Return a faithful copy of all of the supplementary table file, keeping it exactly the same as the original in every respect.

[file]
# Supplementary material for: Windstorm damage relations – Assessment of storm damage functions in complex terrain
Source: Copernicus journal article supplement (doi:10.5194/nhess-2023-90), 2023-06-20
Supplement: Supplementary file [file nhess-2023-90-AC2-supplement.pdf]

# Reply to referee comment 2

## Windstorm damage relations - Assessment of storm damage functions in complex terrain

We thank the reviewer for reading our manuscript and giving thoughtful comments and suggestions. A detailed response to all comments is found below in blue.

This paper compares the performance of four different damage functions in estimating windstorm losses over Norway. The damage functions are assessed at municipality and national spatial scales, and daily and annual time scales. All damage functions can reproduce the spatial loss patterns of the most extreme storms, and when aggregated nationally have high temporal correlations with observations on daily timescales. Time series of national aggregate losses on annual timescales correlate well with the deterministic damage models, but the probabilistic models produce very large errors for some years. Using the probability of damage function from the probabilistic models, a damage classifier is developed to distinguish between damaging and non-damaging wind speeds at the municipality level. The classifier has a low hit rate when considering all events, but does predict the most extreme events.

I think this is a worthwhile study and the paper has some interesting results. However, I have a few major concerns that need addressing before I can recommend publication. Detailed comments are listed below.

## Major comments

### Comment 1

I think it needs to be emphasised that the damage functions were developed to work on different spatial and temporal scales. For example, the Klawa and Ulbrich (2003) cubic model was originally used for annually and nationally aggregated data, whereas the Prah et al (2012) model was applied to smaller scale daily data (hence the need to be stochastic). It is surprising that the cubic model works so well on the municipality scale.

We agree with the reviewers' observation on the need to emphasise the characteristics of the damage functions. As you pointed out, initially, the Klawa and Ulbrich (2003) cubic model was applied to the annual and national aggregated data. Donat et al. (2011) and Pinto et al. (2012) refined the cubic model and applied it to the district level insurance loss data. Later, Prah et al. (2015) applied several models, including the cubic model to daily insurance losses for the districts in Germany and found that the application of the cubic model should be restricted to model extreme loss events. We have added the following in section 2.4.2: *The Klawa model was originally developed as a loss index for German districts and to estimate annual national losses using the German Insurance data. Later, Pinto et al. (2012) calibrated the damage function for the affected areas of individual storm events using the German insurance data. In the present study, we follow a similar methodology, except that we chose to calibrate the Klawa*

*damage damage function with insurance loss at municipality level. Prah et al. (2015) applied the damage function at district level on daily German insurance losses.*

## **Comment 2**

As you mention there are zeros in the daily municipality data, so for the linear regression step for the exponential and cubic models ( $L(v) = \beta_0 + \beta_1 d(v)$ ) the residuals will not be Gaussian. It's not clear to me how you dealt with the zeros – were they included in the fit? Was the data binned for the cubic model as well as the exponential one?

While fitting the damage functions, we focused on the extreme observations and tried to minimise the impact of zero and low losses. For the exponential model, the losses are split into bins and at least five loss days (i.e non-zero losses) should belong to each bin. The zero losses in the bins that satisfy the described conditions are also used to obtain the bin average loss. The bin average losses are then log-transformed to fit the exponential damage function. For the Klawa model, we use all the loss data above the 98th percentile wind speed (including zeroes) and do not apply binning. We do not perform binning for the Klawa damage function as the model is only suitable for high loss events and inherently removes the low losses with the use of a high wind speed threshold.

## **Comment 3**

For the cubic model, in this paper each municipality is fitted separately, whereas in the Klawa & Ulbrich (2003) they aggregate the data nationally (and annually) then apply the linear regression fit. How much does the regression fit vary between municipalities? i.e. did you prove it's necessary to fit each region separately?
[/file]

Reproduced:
# Supplementary material for: Windstorm damage relations – Assessment of storm damage functions in complex terrain
Source: Copernicus journal article supplement (doi:10.5194/nhess-2023-90), 2023-06-20
Supplement: Supplementary file [file nhess-2023-90-AC2-supplement.pdf]

# Reply to referee comment 2

## Windstorm damage relations - Assessment of storm damage functions in complex terrain

We thank the reviewer for reading our manuscript and giving thoughtful comments and suggestions. A detailed response to all comments is found below in blue.

This paper compares the performance of four different damage functions in estimating windstorm losses over Norway. The damage functions are assessed at municipality and national spatial scales, and daily and annual time scales. All damage functions can reproduce the spatial loss patterns of the most extreme storms, and when aggregated nationally have high temporal correlations with observations on daily timescales. Time series of national aggregate losses on annual timescales correlate well with the deterministic damage models, but the probabilistic models produce very large errors for some years. Using the probability of damage function from the probabilistic models, a damage classifier is developed to distinguish between damaging and non-damaging wind speeds at the municipality level. The classifier has a low hit rate when considering all events, but does predict the most extreme events.

I think this is a worthwhile study and the paper has some interesting results. However, I have a few major concerns that need addressing before I can recommend publication. Detailed comments are listed below.

## Major comments

### Comment 1

I think it needs to be emphasised that the damage functions were developed to work on different spatial and temporal scales. For example, the Klawa and Ulbrich (2003) cubic model was originally used for annually and nationally aggregated data, whereas the Prah et al (2012) model was applied to smaller scale daily data (hence the need to be stochastic). It is surprising that the cubic model works so well on the municipality scale.

We agree with the reviewers' observation on the need to emphasise the characteristics of the damage functions. As you pointed out, initially, the Klawa and Ulbrich (2003) cubic model was applied to the annual and national aggregated data. Donat et al. (2011) and Pinto et al. (2012) refined the cubic model and applied it to the district level insurance loss data. Later, Prah et al. (2015) applied several models, including the cubic model to daily insurance losses for the districts in Germany and found that the application of the cubic model should be restricted to model extreme loss events. We have added the following in section 2.4.2: *The Klawa model was originally developed as a loss index for German districts and to estimate annual national losses using the German Insurance data. Later, Pinto et al. (2012) calibrated the damage function for the affected areas of individual storm events using the German insurance data. In the present study, we follow a similar methodology, except that we chose to calibrate the Klawa*

*damage damage function with insurance loss at municipality level. Prah et al. (2015) applied the damage function at district level on daily German insurance losses.*

## **Comment 2**

As you mention there are zeros in the daily municipality data, so for the linear regression step for the exponential and cubic models ( $L(v) = \beta_0 + \beta_1 d(v)$ ) the residuals will not be Gaussian. It's not clear to me how you dealt with the zeros – were they included in the fit? Was the data binned for the cubic model as well as the exponential one?

While fitting the damage functions, we focused on the extreme observations and tried to minimise the impact of zero and low losses. For the exponential model, the losses are split into bins and at least five loss days (i.e non-zero losses) should belong to each bin. The zero losses in the bins that satisfy the described conditions are also used to obtain the bin average loss. The bin average losses are then log-transformed to fit the exponential damage function. For the Klawa model, we use all the loss data above the 98th percentile wind speed (including zeroes) and do not apply binning. We do not perform binning for the Klawa damage function as the model is only suitable for high loss events and inherently removes the low losses with the use of a high wind speed threshold.

## **Comment 3**

For the cubic model, in this paper each municipality is fitted separately, whereas in the Klawa & Ulbrich (2003) they aggregate the data nationally (and annually) then apply the linear regression fit. How much does the regression fit vary between municipalities? i.e. did you prove it's necessary to fit each region separately?